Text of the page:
The foods most commonly associated with triggering hives are milk, eggs, chicken, cured meat, alcoholic beverages, cheese, chocolate, citrus fruits, shellfish, and nuts. Food additives that trigger hives include colorants (azo dyes), flavorings (salicylates), artificial sweeteners (aspartame), preservatives (benzoates, nitrites, and sorbic acid), antioxidants (hydroxytoluene, sulfite, and gallate), and emulsifiers/stabilizers (polysorbates and vegetable gums).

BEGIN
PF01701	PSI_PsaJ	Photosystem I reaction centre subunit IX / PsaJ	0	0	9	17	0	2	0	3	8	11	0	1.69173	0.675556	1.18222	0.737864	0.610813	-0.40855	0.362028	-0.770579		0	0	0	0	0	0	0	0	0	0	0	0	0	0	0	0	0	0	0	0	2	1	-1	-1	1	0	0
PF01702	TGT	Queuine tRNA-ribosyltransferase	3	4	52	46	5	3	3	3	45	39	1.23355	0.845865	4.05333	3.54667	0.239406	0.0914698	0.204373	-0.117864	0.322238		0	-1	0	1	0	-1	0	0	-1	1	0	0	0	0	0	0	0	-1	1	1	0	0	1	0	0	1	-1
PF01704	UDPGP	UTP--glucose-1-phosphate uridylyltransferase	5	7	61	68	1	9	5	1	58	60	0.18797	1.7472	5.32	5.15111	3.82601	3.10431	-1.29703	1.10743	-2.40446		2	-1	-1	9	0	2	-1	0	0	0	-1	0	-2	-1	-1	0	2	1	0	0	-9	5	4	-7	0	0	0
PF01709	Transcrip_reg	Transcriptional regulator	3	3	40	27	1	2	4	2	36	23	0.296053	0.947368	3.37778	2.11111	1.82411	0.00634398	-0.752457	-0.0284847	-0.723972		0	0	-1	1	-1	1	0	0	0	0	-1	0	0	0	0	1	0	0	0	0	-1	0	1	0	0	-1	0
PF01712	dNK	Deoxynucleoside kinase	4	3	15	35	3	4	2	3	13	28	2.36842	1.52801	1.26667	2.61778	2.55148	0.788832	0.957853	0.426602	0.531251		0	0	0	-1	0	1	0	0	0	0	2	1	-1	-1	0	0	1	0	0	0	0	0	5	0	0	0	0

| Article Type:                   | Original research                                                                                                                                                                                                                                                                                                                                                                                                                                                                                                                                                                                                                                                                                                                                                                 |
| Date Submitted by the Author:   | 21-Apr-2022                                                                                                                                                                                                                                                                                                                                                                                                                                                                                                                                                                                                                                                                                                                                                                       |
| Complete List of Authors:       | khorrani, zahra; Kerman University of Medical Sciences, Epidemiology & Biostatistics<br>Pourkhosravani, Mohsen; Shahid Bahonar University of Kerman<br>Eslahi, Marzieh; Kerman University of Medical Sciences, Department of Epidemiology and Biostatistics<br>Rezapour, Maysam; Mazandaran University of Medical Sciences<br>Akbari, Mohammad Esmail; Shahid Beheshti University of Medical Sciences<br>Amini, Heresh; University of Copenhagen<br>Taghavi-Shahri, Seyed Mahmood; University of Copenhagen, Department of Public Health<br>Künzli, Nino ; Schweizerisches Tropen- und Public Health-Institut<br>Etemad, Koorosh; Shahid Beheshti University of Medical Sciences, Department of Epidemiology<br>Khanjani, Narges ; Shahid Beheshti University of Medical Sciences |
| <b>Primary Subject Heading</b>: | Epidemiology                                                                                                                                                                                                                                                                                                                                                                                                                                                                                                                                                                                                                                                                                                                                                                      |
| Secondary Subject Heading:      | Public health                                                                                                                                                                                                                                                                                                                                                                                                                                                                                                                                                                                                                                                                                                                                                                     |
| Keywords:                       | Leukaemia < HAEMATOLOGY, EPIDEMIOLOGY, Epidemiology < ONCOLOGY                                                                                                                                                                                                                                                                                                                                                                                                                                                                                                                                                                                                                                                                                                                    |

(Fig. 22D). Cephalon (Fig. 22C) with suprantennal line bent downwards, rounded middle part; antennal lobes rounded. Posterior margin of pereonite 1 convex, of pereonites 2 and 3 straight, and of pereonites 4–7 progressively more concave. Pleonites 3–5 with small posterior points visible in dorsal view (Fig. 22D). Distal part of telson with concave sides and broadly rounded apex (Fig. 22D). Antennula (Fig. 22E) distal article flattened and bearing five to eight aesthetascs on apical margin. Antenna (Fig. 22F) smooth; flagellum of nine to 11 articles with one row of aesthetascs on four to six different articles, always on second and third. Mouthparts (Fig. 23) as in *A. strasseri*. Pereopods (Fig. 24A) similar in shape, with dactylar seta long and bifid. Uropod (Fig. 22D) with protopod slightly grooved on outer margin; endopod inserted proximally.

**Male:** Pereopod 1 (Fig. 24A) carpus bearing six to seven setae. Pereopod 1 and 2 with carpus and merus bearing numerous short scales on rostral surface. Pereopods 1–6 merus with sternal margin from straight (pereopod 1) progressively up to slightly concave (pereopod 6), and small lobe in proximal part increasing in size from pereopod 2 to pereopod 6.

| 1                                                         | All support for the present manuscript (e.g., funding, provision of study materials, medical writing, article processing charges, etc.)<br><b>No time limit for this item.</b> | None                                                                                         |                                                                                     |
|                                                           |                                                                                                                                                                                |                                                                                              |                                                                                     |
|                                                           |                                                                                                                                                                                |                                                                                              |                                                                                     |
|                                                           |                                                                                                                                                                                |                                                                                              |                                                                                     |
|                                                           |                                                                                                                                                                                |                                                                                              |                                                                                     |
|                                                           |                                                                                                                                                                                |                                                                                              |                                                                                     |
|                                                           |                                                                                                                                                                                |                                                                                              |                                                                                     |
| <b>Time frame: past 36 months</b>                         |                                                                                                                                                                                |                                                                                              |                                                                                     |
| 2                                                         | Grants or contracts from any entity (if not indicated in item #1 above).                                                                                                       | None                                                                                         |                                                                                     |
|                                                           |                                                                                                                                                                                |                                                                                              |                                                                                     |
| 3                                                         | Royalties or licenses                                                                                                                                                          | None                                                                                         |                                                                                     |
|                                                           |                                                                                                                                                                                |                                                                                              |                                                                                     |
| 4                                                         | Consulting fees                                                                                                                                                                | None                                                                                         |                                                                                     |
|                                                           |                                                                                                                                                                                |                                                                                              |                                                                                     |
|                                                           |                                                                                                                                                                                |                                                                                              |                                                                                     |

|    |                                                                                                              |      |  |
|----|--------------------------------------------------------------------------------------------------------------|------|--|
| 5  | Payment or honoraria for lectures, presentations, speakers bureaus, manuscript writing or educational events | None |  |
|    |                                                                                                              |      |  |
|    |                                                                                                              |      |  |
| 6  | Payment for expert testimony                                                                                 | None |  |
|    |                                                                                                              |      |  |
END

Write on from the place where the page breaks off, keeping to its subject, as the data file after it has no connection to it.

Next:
Numerous clinical studies demonstrate that diets that are free of food allergens and/or food additives typically produce significant reductions in roughly 50 to 75 percent of people with chronic hives. The best dietary recommendation appears to be an allergy elimination diet or, at the very least, a diet that excludes all common food allergens and all food additives. The strictest allergy elimination diet allows only water, lamb, rice, pears, and most vegetables. The individual stays on this limited diet for at least one week. If the hives are related to food allergy or food additives, they will typically disappear by the fifth or sixth day of the diet. After one week, individual foods are reintroduced at a rate of one new food every two days. Reintroduction of sensitive foods will typically produce more severe or recognizable hives than before.